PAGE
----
their communities and regions[3].


III. Identifying Barriers to Women Entrepreneurship in Fragile Economies


 A. Limited Access to Education and Training

 - Women entrepreneurs in fragile economies, particularly in Africa, often face limited access to quality education and training, which hinders their ability to acquire the necessary skills and knowledge to start and grow successful businesses[1][3].


 B. Financial Constraints and Lack of Capital

 - Financial constraints and lack of capital are major barriers for women entrepreneurs in fragile economies, particularly in Africa. Access to finance is a huge barrier for the advancement of women-owned businesses, and in-kind grants and life skills training programs are essential for addressing saving and investment constraints[1][3][4][5].


 C. Sociocultural and Gender-Based Challenges

 - Sociocultural and gender-based challenges, such as culturally-imposed constraints and discrimination, psychologically and physically impede the aspirations and priorities of women entrepreneurs in fragile economies, particularly in Africa. Addressing these challenges is crucial for creating an enabling environment for women's entrepreneurship[1][2][3][5].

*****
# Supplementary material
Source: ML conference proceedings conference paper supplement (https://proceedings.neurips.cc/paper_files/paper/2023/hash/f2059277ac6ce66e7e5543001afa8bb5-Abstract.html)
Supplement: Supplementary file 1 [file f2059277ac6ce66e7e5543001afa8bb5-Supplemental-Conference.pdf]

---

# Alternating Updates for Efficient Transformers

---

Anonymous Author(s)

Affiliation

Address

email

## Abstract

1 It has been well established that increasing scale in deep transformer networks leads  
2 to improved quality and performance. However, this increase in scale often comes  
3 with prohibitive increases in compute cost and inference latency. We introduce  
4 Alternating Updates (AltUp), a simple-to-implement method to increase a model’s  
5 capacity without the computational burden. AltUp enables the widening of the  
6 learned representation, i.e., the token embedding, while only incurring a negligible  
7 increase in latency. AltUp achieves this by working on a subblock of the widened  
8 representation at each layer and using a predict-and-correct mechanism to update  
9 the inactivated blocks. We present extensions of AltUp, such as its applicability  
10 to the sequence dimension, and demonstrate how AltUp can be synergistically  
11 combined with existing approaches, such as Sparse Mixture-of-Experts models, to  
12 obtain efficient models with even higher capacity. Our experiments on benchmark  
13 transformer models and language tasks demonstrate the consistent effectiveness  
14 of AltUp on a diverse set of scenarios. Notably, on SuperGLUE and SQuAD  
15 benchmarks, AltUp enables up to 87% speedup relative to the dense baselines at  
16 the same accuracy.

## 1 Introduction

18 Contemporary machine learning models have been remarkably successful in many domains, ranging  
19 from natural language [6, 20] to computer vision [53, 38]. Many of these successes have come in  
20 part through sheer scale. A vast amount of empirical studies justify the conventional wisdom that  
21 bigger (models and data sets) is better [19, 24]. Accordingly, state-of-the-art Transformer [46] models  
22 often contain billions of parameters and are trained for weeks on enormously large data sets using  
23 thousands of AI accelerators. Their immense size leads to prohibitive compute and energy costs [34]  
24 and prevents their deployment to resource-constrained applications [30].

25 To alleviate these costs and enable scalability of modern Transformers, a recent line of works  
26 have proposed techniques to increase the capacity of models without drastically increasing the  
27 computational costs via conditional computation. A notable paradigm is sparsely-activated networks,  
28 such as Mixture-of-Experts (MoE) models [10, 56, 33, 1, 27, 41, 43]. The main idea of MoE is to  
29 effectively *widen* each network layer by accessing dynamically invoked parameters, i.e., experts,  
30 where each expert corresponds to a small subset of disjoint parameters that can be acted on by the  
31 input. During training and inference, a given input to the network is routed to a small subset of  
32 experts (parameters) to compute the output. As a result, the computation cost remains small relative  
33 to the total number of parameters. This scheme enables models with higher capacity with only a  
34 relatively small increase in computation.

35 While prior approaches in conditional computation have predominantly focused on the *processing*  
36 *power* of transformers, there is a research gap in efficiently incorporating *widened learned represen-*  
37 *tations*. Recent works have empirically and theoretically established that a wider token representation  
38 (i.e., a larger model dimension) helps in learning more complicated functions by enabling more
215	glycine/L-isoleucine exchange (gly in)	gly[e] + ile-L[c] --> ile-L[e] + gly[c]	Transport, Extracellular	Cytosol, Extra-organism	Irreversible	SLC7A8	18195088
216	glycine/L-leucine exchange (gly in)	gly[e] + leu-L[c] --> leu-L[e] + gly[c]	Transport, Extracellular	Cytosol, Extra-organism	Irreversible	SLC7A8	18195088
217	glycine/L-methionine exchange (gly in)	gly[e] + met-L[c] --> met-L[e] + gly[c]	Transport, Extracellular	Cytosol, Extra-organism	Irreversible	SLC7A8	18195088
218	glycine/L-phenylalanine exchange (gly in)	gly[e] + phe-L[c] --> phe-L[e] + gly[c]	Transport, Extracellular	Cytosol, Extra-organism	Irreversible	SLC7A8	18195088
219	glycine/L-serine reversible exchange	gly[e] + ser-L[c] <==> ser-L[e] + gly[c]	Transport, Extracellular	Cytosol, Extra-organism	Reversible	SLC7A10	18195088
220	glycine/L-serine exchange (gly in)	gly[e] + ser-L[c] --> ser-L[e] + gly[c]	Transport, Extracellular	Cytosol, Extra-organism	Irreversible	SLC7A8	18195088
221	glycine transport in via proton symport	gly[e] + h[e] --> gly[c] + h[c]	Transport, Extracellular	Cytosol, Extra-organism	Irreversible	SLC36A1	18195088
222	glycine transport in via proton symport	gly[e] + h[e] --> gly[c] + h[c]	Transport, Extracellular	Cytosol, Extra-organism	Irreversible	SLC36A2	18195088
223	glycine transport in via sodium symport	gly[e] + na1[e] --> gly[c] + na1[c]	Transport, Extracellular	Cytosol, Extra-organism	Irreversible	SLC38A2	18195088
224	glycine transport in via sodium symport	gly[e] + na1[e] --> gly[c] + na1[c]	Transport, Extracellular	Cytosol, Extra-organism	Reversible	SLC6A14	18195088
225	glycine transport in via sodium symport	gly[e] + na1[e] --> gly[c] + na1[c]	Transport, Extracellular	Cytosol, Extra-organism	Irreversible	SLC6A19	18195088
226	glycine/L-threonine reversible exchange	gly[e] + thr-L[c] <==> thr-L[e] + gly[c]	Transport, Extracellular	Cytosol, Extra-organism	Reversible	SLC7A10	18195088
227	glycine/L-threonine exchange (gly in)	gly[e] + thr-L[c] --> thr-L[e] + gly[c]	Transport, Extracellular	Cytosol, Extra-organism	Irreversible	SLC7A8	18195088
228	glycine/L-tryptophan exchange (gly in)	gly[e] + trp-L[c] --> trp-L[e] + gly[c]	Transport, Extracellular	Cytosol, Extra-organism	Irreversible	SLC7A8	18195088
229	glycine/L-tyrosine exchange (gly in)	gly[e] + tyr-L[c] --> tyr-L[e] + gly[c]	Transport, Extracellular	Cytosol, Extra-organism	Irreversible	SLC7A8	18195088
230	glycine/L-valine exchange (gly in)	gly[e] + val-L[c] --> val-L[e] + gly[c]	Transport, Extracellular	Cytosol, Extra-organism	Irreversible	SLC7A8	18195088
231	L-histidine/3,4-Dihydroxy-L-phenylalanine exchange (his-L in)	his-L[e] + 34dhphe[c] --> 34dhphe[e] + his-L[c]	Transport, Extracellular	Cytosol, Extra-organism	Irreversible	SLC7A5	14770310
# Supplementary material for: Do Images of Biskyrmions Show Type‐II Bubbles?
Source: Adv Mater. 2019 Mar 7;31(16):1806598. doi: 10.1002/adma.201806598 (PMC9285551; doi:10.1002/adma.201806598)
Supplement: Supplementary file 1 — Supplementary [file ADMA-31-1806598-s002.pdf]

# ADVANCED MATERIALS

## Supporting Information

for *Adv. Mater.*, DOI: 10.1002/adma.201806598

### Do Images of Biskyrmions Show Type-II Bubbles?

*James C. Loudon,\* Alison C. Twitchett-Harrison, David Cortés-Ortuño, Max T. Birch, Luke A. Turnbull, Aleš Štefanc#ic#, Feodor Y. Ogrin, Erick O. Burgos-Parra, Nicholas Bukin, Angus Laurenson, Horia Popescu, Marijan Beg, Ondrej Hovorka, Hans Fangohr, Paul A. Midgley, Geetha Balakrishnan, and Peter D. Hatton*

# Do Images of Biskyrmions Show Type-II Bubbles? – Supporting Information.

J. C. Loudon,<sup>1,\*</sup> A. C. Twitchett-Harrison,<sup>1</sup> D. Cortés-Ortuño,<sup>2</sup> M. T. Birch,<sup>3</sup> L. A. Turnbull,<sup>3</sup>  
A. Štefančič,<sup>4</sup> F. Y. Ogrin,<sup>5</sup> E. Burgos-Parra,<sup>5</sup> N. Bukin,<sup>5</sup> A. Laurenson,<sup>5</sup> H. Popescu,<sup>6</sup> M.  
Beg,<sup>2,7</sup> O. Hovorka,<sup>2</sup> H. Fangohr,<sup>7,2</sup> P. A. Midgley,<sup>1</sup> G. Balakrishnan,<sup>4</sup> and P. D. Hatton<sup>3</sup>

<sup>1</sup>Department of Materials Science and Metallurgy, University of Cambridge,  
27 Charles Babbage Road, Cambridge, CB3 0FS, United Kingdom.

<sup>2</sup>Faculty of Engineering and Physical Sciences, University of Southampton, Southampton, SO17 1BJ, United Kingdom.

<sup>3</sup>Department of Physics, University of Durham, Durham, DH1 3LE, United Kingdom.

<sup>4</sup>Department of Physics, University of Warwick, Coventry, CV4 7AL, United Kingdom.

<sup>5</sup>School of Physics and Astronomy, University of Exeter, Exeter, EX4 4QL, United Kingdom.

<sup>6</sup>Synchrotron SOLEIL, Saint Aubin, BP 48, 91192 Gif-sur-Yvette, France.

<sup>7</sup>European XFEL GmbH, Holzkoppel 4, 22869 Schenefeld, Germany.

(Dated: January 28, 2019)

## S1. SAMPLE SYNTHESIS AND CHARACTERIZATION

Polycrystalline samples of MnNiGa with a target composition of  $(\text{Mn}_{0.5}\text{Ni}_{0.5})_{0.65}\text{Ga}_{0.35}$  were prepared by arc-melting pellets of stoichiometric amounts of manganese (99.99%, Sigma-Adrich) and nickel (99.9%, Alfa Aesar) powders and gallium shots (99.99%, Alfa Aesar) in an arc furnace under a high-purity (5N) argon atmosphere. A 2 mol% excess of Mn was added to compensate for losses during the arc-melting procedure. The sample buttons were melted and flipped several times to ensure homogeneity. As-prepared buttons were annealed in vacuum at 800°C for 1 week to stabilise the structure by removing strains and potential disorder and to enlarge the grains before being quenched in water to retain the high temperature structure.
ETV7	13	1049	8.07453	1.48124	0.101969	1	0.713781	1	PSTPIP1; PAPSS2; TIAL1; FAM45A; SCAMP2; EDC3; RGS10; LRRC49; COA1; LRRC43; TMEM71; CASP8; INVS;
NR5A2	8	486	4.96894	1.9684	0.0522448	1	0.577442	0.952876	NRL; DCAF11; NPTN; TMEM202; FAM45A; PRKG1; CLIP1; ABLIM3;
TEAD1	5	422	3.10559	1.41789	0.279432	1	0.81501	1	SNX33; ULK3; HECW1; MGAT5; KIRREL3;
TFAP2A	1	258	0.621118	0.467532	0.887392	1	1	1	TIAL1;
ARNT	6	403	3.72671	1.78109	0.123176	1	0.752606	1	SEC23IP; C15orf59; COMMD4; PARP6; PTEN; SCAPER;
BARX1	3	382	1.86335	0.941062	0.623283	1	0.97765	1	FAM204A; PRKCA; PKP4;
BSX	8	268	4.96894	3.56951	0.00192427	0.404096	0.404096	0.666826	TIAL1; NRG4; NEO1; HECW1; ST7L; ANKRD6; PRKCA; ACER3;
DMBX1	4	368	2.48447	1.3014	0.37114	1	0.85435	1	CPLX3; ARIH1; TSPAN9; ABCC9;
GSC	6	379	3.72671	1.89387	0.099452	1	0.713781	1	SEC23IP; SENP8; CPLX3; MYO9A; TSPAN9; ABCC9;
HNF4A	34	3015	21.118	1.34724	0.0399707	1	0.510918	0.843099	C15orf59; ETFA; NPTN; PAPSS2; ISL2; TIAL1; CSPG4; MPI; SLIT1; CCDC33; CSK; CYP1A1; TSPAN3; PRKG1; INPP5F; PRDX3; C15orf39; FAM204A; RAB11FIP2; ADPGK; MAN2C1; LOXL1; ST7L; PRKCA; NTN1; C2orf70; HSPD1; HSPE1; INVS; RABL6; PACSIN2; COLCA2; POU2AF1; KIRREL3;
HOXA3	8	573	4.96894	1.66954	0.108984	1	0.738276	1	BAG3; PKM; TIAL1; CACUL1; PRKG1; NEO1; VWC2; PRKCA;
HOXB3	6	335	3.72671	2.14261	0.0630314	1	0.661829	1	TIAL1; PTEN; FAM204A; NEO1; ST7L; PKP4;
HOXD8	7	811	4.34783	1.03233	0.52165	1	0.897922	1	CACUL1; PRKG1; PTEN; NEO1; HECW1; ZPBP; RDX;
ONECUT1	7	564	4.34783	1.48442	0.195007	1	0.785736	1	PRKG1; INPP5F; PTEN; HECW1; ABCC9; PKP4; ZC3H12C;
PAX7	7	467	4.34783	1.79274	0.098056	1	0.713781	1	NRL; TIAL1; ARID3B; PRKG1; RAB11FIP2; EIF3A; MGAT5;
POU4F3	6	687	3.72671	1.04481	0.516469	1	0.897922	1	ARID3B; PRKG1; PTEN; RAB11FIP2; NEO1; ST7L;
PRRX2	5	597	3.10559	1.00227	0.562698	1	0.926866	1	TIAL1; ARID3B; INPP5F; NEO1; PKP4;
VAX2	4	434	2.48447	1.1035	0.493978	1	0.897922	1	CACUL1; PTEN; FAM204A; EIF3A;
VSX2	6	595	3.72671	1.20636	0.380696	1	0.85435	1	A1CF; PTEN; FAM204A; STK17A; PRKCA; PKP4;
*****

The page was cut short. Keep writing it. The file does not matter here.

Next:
IV. Building a Case for Empowerment


 A. Social and Cultural Transformation

 - Empowering women entrepreneurs in fragile economies, particularly in Africa, requires a social and cultural transformation to address the deeply rooted gender biases and constraints they face. This transformation is essential for creating an enabling environment that supports and promotes women's entrepreneurship[1][2][3].


 B. Reducing Gender Inequality

 - Empowering women entrepreneurs is key to reducing gender inequality and creating opportunities for women to participate in economic activities on an equal basis with men. By addressing the systemic barriers and biases, women can contribute significantly to economic growth and development in fragile economies, particularly in Africa[1][2][3][5].

 C. Fostering Sustainable Economic Growth

 - Empowering women entrepreneurs in fragile economies, particularly in Africa, is essential for fostering sustainable economic growth. By creating opportunities for women to start and grow businesses, these initiatives contribute to the overall resilience and development of fragile economies[1][3][5].